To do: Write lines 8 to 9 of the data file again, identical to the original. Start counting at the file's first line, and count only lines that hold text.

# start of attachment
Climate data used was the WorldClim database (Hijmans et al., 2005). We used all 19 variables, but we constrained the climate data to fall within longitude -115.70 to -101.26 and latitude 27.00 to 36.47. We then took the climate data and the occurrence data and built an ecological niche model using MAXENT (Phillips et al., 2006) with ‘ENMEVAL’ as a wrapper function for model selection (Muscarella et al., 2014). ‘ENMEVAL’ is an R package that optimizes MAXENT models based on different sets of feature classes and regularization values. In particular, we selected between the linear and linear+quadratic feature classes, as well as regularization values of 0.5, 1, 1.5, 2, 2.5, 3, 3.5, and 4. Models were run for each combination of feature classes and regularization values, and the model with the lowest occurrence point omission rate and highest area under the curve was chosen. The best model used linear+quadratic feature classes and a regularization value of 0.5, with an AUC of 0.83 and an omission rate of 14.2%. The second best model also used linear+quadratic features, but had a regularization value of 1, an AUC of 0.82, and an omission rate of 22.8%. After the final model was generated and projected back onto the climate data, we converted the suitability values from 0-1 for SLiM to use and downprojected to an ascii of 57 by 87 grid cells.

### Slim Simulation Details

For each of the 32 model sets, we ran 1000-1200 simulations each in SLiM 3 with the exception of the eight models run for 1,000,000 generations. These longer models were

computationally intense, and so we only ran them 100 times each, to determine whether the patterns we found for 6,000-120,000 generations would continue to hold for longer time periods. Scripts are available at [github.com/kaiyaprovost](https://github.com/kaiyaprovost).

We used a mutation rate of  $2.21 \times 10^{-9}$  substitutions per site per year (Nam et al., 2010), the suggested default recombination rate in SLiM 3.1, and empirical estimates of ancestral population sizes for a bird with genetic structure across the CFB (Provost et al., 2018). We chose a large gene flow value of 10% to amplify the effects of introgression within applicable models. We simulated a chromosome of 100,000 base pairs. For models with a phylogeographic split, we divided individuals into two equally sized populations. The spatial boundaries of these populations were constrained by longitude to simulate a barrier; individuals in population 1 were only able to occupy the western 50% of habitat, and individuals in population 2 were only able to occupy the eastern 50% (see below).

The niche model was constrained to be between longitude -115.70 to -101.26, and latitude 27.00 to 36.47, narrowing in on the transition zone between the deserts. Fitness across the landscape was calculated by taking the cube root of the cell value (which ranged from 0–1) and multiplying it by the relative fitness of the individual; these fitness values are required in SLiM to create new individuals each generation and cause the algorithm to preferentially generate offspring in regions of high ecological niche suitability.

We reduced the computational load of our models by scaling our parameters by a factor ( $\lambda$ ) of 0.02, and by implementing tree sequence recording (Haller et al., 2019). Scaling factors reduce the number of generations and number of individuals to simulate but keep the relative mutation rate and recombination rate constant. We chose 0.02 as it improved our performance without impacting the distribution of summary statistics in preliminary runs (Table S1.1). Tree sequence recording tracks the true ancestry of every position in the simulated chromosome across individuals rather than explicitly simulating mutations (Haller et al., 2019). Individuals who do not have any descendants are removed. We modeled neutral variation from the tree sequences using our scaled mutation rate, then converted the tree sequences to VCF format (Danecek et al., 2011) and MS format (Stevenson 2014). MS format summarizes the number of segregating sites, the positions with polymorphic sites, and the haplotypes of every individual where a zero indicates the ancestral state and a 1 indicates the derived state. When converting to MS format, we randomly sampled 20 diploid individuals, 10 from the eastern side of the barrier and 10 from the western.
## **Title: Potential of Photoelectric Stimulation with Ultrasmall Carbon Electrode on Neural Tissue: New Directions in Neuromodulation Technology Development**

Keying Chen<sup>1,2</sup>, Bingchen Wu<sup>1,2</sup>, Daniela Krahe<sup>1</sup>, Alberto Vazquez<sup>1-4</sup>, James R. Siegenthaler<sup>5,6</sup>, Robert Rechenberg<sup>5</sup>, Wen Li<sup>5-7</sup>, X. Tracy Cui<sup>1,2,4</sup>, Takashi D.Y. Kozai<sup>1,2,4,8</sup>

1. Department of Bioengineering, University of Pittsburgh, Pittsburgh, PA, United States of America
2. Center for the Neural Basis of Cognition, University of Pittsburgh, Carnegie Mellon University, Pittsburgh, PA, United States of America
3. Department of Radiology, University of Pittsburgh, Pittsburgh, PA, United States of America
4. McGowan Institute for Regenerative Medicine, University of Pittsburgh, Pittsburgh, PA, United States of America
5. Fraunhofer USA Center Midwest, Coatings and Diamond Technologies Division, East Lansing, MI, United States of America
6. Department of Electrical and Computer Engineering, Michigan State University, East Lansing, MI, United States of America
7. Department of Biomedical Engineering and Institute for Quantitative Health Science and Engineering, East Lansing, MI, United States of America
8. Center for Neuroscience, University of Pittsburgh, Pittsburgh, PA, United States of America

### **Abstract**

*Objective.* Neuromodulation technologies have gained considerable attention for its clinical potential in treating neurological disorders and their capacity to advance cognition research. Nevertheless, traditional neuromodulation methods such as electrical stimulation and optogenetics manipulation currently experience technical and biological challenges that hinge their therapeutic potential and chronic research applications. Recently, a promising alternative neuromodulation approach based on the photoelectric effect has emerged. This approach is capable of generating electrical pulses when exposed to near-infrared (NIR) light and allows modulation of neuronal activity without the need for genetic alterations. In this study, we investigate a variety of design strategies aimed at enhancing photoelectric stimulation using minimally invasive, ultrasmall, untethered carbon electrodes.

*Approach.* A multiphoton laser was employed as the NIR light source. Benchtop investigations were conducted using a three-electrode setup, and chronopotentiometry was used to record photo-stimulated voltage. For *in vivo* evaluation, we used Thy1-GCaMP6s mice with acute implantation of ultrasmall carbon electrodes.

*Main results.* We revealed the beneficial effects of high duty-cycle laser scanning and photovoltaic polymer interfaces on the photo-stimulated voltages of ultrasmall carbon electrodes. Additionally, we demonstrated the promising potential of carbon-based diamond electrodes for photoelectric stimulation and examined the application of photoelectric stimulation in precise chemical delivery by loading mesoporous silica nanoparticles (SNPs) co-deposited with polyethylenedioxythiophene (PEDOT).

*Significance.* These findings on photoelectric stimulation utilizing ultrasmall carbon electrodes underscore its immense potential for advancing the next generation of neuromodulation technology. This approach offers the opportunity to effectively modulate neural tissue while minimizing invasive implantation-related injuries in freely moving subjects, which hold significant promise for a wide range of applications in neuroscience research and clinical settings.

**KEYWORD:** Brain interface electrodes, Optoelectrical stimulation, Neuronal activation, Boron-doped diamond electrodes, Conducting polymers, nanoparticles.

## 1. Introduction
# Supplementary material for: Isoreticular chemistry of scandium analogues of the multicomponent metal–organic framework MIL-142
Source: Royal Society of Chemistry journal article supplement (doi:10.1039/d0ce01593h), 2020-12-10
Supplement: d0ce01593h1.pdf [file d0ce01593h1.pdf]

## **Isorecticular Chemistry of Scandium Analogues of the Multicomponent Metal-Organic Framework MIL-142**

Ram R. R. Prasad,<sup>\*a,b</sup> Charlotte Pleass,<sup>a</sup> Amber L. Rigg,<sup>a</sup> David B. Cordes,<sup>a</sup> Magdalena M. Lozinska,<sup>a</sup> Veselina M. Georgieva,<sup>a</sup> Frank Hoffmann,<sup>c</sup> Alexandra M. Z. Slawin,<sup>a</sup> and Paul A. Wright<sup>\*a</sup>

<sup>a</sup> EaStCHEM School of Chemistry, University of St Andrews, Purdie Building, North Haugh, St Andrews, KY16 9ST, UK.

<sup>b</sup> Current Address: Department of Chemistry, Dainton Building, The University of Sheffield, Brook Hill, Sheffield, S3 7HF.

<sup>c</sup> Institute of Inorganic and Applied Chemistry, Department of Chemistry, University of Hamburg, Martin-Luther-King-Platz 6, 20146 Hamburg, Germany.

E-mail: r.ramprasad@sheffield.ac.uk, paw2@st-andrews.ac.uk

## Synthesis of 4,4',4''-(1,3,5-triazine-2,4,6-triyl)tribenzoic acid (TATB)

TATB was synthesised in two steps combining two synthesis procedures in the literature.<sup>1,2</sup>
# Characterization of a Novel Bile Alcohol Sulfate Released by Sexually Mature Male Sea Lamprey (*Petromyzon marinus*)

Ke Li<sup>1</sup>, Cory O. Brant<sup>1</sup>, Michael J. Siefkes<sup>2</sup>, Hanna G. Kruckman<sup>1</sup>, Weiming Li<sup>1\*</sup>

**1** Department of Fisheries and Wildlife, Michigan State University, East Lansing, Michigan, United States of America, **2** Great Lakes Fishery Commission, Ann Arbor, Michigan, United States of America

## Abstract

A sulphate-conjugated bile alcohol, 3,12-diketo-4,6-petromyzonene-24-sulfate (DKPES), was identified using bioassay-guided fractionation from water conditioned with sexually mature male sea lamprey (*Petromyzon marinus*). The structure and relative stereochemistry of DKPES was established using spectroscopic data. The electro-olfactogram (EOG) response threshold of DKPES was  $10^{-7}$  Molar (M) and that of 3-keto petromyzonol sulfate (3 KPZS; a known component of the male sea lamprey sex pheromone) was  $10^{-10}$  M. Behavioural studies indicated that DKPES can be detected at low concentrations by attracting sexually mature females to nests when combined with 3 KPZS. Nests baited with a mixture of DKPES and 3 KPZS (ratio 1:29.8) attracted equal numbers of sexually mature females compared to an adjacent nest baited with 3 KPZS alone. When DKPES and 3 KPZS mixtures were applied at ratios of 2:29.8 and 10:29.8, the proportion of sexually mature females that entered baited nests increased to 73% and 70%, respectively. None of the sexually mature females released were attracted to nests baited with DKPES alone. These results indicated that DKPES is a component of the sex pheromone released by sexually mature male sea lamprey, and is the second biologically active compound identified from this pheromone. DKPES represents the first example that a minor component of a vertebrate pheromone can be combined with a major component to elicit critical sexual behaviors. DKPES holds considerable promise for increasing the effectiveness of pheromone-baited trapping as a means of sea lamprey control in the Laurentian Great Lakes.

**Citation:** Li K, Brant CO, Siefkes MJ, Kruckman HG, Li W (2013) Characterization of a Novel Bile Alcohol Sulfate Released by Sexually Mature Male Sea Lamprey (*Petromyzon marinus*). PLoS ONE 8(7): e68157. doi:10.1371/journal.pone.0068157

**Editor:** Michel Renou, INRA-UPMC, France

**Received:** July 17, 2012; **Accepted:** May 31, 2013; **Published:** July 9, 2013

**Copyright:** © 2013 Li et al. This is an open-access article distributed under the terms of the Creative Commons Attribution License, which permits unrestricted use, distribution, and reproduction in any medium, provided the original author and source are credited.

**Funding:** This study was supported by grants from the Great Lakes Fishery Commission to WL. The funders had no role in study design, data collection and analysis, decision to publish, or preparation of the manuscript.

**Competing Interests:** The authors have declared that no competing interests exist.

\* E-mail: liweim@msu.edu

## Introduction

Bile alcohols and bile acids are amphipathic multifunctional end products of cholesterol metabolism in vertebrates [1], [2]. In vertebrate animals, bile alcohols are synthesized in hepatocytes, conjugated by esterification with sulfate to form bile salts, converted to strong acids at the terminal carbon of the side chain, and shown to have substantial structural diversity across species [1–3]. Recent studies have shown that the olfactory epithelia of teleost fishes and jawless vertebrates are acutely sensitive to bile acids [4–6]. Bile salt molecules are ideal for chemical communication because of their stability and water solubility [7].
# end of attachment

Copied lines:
## **Title: Potential of Photoelectric Stimulation with Ultrasmall Carbon Electrode on Neural Tissue: New Directions in Neuromodulation Technology Development**

Keying Chen<sup>1,2</sup>, Bingchen Wu<sup>1,2</sup>, Daniela Krahe<sup>1</sup>, Alberto Vazquez<sup>1-4</sup>, James R. Siegenthaler<sup>5,6</sup>, Robert Rechenberg<sup>5</sup>, Wen Li<sup>5-7</sup>, X. Tracy Cui<sup>1,2,4</sup>, Takashi D.Y. Kozai<sup>1,2,4,8</sup>